How to Treat People

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We have two daughters who are nurses at opposite ends of the spectrum, the younger working with elderly patients in a nursing home facility and the older working with infants in neonatal intensive care.  The plight of the elderly as prime targets for the novel coronavirus is well-known, but not discussed much is the heart-rending situation in which mother and baby are separated and isolated at birth.  The inability to bond at the outset during a time of great uncertainty takes a silent toll on all parties involved.  That is why, among many other reasons, both of our daughters are rightly touted as frontline heroes.  They are unsung no more.

There isn’t a case book on how health care workers should treat people, but this one that I put away to read on a rainy day comes close.

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Molly Case studied English literature and creative writing at Bath Spa University in England before embarking on a career in nursing.  Her way with words is ample and evident as she describes her classroom lessons on the spread of infection.  Students  would not be allowed to work on the wards until they understood the fundamentals of infection control and how to protect patients.  The tutor set up a black metal box with a UV tray underneath.  They were taught the hand-washing stages and then have their hands examined beneath the UV light to see what remnants they hadn’t managed to scrub away.   Molly writes: “Most of the time it was our fingernails, the thin troughs of cuticle lined with debris invisible to the naked eye.  And so we did it once more, washing our palms with soap and water, interlacing our fingers, our thumbs, learning the correct technique and hoping this time we had rinsed it all away.”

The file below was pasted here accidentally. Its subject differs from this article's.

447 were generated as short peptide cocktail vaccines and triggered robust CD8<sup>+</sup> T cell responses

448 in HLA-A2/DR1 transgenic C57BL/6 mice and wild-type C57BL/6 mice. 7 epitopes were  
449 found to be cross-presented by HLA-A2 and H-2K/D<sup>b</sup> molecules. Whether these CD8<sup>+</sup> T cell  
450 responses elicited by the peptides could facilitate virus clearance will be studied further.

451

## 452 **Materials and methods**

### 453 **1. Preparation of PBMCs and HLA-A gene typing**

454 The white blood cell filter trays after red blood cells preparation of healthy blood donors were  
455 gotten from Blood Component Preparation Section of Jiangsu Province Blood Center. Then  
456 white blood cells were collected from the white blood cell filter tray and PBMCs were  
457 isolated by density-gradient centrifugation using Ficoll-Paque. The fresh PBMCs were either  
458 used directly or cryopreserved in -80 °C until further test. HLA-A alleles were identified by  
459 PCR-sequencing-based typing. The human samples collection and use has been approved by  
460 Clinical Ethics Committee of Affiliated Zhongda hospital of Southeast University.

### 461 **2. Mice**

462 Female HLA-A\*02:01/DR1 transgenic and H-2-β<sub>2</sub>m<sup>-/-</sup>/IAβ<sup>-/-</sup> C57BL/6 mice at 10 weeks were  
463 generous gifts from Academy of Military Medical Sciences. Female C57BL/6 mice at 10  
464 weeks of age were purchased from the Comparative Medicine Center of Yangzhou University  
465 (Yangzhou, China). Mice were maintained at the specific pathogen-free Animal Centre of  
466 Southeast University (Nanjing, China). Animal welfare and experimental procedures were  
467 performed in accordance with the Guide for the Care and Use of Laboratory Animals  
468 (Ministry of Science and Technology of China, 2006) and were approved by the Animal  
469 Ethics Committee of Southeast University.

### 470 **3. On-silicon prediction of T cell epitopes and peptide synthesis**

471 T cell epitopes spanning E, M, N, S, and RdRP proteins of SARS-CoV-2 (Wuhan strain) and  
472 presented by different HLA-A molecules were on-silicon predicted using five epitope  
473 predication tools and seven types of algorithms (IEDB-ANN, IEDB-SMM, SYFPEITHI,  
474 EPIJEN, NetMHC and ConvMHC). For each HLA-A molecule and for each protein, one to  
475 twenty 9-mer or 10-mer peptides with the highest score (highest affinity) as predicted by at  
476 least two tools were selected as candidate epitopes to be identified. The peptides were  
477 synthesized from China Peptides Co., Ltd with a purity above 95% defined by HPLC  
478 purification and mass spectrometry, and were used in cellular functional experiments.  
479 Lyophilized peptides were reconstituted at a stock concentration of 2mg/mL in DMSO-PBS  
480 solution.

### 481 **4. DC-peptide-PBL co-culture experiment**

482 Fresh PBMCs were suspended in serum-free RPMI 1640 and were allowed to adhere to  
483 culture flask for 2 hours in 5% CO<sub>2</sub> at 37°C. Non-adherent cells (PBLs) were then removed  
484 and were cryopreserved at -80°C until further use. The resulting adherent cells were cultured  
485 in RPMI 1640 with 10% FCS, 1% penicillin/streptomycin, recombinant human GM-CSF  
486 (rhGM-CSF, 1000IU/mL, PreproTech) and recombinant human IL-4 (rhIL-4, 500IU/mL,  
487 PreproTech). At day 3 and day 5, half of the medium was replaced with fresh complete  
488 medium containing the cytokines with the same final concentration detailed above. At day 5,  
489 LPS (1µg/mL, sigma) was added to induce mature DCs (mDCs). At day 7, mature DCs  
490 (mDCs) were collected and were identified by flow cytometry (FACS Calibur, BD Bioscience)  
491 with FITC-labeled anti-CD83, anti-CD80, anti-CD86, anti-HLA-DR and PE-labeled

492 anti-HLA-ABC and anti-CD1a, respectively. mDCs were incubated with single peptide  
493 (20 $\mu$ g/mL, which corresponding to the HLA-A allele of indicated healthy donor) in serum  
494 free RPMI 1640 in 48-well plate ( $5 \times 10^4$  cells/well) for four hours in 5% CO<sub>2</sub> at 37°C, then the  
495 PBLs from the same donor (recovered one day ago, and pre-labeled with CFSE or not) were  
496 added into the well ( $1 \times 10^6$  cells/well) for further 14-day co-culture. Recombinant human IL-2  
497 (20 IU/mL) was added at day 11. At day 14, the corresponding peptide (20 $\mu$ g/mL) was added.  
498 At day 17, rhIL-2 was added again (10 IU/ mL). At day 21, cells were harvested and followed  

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Who would have thought that just a few months after Molly’s book was published, COVID-19 would turn hand washing into an art form for the masses?

Cleanliness has always been next to godliness, but never more so than during these challenging times.  Despite our collective best efforts, people will die.  That has always been the case, but they are doing so in a way that challenges our ability to maintain compassion and dignity.  Here, too, Nurse Case provides a template, relating an interaction during her student nursing days with a healthcare assistant named Linda.  Healthcare assistants carry out numerous tasks behind the scenes in the hospital, ranging from bed making to helping to feed, to washing and dressing patients.  After deftly describing the scene in which Linda shows her how to shroud an elderly patient who has just died, Molly takes my breath away as she writes:

Then Linda went to the far wall, opened the blind and the window.  I asked her why she had done that.

She looked at me. “To let her soul out”, she said.

 

About Leonard J. Press, O.D., FAAO, FCOVD

Developmental Optometry is my passion as well as occupation. Blogging allows me to share thoughts in a unique visual style.
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4 Responses to How to Treat People

  1. doctuhdon says:

    Very moving and inspiring. Your daughters and their nursing colleagues are practicing “the finest of Fine Arts”.

  2. Very powerful. Thank you for sharing this heartfelt essay. ♥

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